With the basketball world championships currently under way in China and Australia doing well, The Bug’s senior sports writer took in some local top-shelf games to see what all the fuss is about.
A certain rugby league writer for a top metropolitan newspaper – no, hold on, come to think about it, it might have been The Courier-Mail – had what he thought was the perfect putdown for basketball: “Why don’t they just give each team 100 points and play for five minutes.”
Such a simplistic, sarcastic view of what is actually a fast-moving, highly skilled sport is why I won’t mention the journo’s name here.
But clearly Barry Dick, as a rabid devotee of the sissiest of the three main pear-shaped ball codes played in Australia, knows very little of how the round-ball game of basketball is played.
Not every team’s turn at attack ends in a bucket, you Dick, as can be seen by the final score (right) in the game I took in last weekend when the Brisbane Capitals outscored the Gold Coast Rollers almost two to one to take out the Queensland Basketball League’s men’s title for 2019.
Now that’s not to say that I’m fully hooked on basketball either.
And some things that happened at Auchenflower Stadium in Brisbane had me wondering if it’s all just a little bit too Americanised for my liking.
Such as the jingoistic, patriotic practice of us all standing as they played the national anthem before tip-off. Not The Star-Spangled Banner unfortunately; it’s a much more rousing anthem. I’ve never been a fan of Advance Australia Fair being played any time, anywhere, being one of those old-fashionistas who think it should be reserved for international events.
Haven’t been to an NRL game for yonks: I must ask the Dickster if they play that at Lang Park before the Brisbane Drongos get flogged by the Manly girls.
But played Advance Australia Fair they did. Eventually. They started off with some other tune and quickly realised their error.
Fortunately, in more ways than one, it was a shortened version for I had made up my mind to shout out “except if you’re Sri Lankan” when it got to the bit about Oz having boundless plains to share for those who’ve come across the seas. I mutter it anyway as that girt by sea bit washed by and I think got away with it.
Caution was called for because while I’ve got some idea of the politics of basketball fans, it’s not set in stone. Rah-rahs are right-wing toffs, right? Ladies all dressed up to the nines, all jewelled up and shouting but never in a coarse or vulgar way “Played Tristian!” down at Crosby Park.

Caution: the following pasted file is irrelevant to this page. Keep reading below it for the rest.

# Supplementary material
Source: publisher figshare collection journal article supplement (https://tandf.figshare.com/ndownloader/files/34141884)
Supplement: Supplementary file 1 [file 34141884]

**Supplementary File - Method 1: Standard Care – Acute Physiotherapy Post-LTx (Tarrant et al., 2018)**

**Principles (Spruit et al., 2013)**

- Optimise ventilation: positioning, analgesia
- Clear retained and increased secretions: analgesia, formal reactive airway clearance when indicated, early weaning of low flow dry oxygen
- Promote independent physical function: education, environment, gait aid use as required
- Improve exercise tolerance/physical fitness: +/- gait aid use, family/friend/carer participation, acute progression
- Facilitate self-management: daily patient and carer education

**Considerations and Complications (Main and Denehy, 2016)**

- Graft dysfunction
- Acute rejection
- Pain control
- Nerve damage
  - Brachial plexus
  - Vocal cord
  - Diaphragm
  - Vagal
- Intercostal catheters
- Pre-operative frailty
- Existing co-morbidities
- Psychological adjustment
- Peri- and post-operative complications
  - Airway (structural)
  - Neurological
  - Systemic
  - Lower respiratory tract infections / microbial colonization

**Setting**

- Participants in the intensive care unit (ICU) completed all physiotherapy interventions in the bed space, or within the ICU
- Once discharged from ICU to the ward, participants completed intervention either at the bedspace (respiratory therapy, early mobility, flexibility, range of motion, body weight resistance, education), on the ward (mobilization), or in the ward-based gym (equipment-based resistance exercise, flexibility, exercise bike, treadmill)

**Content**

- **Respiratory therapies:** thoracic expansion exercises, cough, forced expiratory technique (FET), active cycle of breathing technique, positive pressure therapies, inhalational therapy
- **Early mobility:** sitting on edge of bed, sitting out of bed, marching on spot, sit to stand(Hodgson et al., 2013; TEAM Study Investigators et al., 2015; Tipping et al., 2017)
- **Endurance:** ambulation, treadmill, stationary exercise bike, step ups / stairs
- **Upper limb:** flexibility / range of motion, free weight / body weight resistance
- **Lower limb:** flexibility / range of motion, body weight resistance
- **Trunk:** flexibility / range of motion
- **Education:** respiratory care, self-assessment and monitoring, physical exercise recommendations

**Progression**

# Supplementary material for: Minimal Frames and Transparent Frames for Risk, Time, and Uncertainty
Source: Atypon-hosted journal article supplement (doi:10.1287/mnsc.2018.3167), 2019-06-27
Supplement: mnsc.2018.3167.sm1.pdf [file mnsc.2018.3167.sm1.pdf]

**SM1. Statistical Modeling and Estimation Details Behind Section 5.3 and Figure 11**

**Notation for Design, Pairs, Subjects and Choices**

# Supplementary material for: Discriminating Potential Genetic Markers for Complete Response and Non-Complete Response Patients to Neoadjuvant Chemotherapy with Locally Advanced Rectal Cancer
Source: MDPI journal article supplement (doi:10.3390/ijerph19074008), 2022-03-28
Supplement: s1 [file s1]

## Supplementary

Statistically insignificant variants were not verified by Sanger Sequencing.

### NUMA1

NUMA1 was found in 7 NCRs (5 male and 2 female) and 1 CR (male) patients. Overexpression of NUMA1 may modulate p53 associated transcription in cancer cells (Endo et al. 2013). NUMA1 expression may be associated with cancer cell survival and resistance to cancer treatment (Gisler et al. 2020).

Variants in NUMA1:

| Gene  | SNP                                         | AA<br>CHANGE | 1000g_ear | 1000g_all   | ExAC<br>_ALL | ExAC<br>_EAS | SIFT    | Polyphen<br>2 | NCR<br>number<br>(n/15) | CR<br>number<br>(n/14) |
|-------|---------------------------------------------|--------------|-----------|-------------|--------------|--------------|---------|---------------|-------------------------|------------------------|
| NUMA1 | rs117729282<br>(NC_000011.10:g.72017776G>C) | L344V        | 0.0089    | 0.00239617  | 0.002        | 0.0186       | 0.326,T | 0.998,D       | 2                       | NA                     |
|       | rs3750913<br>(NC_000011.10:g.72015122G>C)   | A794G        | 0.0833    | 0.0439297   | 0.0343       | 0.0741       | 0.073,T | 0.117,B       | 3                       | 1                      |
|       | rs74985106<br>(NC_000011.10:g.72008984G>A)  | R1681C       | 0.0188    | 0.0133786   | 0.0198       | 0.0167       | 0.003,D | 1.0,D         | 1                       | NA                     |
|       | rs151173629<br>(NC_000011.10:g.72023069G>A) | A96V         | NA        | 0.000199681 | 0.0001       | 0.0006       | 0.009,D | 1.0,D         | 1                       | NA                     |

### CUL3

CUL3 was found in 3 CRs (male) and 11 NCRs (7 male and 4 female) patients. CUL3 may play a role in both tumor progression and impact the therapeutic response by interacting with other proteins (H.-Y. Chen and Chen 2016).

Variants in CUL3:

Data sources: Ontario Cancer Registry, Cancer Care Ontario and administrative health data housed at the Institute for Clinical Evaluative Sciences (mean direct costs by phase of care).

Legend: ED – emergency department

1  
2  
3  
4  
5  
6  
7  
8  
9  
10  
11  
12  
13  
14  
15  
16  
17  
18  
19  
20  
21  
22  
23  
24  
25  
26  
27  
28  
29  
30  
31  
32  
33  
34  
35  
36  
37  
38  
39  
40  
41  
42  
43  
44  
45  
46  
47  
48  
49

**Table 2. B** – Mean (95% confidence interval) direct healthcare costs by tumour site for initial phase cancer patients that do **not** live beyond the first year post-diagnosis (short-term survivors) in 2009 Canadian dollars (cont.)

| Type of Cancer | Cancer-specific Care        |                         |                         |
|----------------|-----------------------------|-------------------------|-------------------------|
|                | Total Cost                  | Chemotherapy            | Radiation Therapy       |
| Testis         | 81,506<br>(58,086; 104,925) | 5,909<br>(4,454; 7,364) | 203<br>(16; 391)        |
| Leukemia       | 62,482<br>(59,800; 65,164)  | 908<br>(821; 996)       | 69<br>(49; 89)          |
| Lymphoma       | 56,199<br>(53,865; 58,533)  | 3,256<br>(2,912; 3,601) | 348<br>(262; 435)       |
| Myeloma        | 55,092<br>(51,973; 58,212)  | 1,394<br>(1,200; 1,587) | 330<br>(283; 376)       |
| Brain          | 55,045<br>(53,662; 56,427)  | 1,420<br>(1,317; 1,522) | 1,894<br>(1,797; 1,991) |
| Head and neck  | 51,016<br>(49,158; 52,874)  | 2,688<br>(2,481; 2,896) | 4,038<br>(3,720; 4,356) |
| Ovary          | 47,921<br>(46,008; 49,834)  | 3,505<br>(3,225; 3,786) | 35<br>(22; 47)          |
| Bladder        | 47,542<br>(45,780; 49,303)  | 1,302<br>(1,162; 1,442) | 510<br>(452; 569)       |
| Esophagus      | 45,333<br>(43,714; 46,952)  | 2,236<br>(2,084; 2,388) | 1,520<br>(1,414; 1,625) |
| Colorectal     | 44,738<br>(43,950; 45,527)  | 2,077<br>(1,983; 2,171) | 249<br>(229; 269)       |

League was a breakaway code for poor people in north England and you only have to look at a closeup crowd shot at Lang Park to realise a lot of league fans wouldn’t have two dollars to rub together. Or probably brain cells for that matter.
You only need some flat ground, a ball and a hoop to play muck-about basketball. Or sneak into a school grounds. Cricket, swimming and tennis are for rich folk, tennis especially for rich white folk. Remember how big the news was when that tall black chap eventually won Wimbledon with some borrowed rackets?
No, at first glance your typical basketball crowd leans towards the battler look but that’s no sure guide to political leanings, is it? They might be this decade’s equivalent of Howard’s Tradies – most if not all of them Morrison’s Morons who clamped their utes during the last federal election.
But I digress. The Americanisation continues with the music played at various breaks as the game unfolds. The Beach Boys with a tune from Pet Sounds. The Village People with YMCA; Neil Diamond thumping out Sweet Caroline.
Bloody hell! Where’s something from ACDC or Jimmy Barnes? How about Johnny Farnham’s Sadie, the Cleaning Lady for when they’re mopping the sweat off the court, or when it’s becoming clear the Capitals are wiping that same floor with the poor old Rollers?
At least we didn’t have a tribute to our nation’s serving men and women at half-time. Would there have been a dry eye in the house if we had all stood there, hands on hearts, singing away to Redgum’s I was only 19?
Then there’s the game itself. I’m not saying the rules are as complicated as rugby union but it’s close.
Taking it in turns, each team has some 24 seconds to get the ball up the other end and score a bucket. They can dribble the ball but can’t travel with it.
Once at the other end, and a player goes for a basket, a foul is called if any one of the opposing five players are on court at the time.
And any player hoping to have an offensive foul blown against a marauding opponent has to take a dive that would make an Italian football player at a World Cup fixture blush.
Fouls build up steadily in each quarter and if a side has five team fouls with five minutes or more left to go, it’s time to ring the babysitter because a free-throwfest is about to unfold and you’re not going to be home before 2am.
Then if a player misses his first free-throw, his teammates have to step forward and give him a handslap by way of congratulations. Yes, I’ve got no idea either.
I can’t recall a time when a batsman has taken an embarrassing agricultural swipe, missed the ball by miles and ended up sprawled all over the turf only for their batting partner to feel obliged to run down the pitch for a “well done, chap” gloves punch.
At least I now know that basketball is simply not cricket.